The Visions Of Light And Darkness- Joseph — страница 2

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the country Marlow finds his surroundings extremely harsh: The Congo is described as a place of intense mystery whose stifling heat, whispering sounds, and strange shifts of light and darkness place the foreigner in a kind of trance which produces fundamental changes in the brain, causing acts that range from the merely bizarre to the most extreme and irrational violence. (Telegan 98) In the above mentioned quote Diane Telegan sums up the theme of light and darkness and even goes on farther to discuss the effects of it to a human. She suggests that it is the setting of the Congo that causes Kurtz to go insane. The setting causes many of the characters to go insane, ? The sun was too much for him, or the country perhaps? (Conrad 80). Marlow says this as he views the body left

hanging on the limb of a tree after the native took his own life. Marlow assumes that the native killed himself because he could not deal with life in as harsh as a setting as the Congo is. This is at the beginning of the novel before Marlow has begun on his journey within his heart. Perhaps if his journey had already begun, Marlow would have assumed that it was the darkness that he could not live with. Shortly after this scene Marlow begins his journey to the inner station. Once on the journey into the Congo it is very important to notice the transformation of the jungle itself as Marlow travels closer to Kurtz. When Marlow first enters the Congo it is not that dense with forest. The sun flows heavily through the trees causing great discomfort. Once Marlow is aboard the ship and

on his passage down the river the forest becomes more and more impenetrable. The river is dark brown and just barely flowing, the forest becomes so thick right before they reach the inner station that the men aboard the steamer could not even see the savages that would soon ambush their boat. Once at the inner station the setting alters to that of infernal worship. Marlow in the beginning of the third part of the novel describes the setting as he first encounters the inner station: I looked around, and I don?t know why, but I assure you that never, never before, did this land, this river, this jungle, the very arch of this blazing sky appear to me so hopeless and so dark, so impenetrable to human thought, so pitiless to human weakness. (Conrad 94) Just the setting itself is so

concentrated with the darkness of Kurtz that it almost consumes Marlow?s soul. It is supernatural the way that Kurtz is treated like a divine creator, his powers are infinite and he grotesquely abuses them. Kurtz had been so devoured by the darkness within himself that this led him to irrational violence. Those who displeased Kurtz would have to confront his violent wrath. The remains of these unfortunates are viewed by the rest of the cult, upon the stakes that pierce through the remains of their withered skulls. Marlow, somehow, survives his confrontation with the darkness in the Congo and conquers his fears. He is then able to return back to the light setting of civilization. The setting would not be such a significant factor of the novel if it weren?t combined with the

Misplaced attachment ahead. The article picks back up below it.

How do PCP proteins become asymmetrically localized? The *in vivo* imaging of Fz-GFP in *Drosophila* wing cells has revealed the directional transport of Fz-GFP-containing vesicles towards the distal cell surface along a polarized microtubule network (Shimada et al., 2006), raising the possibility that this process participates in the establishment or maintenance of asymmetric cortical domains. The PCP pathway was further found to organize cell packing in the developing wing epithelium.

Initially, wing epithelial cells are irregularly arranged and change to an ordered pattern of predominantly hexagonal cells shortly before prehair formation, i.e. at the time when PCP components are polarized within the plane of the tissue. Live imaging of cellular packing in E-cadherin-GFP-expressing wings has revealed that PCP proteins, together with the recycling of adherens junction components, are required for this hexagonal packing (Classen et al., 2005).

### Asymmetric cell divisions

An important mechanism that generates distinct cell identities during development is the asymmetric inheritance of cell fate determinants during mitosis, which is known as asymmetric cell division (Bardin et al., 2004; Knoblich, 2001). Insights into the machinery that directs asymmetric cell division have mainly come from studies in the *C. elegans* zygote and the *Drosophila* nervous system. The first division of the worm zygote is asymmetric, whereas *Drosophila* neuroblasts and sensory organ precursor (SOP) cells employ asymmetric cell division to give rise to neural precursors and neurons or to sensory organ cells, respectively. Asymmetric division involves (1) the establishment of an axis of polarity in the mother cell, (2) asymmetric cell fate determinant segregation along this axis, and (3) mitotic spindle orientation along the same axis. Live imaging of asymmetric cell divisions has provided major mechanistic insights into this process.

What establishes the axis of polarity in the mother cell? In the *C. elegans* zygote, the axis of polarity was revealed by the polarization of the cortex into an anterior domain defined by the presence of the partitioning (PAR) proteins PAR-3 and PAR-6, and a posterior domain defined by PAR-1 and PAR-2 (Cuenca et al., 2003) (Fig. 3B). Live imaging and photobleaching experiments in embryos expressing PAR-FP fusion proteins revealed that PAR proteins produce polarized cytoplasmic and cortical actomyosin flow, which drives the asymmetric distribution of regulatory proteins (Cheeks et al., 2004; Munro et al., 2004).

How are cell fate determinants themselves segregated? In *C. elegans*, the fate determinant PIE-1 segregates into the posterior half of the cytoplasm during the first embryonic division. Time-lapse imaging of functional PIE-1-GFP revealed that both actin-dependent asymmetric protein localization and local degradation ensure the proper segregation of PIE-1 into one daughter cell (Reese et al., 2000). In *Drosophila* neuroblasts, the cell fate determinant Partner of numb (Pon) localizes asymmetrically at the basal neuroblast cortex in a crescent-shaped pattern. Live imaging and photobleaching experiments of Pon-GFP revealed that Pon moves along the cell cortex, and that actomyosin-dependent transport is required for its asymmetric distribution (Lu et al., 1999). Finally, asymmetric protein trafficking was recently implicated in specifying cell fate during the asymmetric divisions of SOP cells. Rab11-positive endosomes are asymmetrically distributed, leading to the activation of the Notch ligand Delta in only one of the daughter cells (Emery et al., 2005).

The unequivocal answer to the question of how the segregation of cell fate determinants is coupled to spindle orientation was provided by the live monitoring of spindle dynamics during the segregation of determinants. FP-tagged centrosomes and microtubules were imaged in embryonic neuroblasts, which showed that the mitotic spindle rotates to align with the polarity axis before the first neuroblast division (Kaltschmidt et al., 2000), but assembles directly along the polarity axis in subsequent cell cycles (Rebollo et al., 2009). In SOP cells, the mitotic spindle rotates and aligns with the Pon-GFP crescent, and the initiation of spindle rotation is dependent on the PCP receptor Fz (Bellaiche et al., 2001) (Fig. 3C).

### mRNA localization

symbolic images located within the setting. Nearly every object of this dense book contains a deeper meaning, which in some way can be associated with the theme of light and darkness. The river is the first of these symbols to appear in the story. From the very beginning of the novel there is comparison of the two rivers which act as vessels to the inner core of the darkness. The first river is the Thames which brings life to Europe. The second river is the Congo River, which represents the ill of the uncivilized. Right away as the reader is able to visualize both settings of each river, they are able to decipher Conrad?s metaphor of civilization, representing goodness and light and the uncivilized representing evil and darkness. As the crew onboard the Nellie wait for the turn

of the tide, there are other boats floating on top of the river with their lights gleaming out over the still water. In the Congo there are no lights, only the fear of being eaten by the cannibals which hide so delicately camouflaged in the bush. Neither river is flowing during the time of the course of the story. This represents a time lapse that occurred while Marlow was going back into his mind and even farther within himself to remember the darkness, which he encountered. Perhaps the most graphic symbolic image using the river metaphor is in the ending of the book, ? The brown current (that) ran swiftly out of the heart of the darkness?? (Conrad 129). It is here that Conrad retreats from the intensity of the novel once again upon the river of the Congo whose color is as murky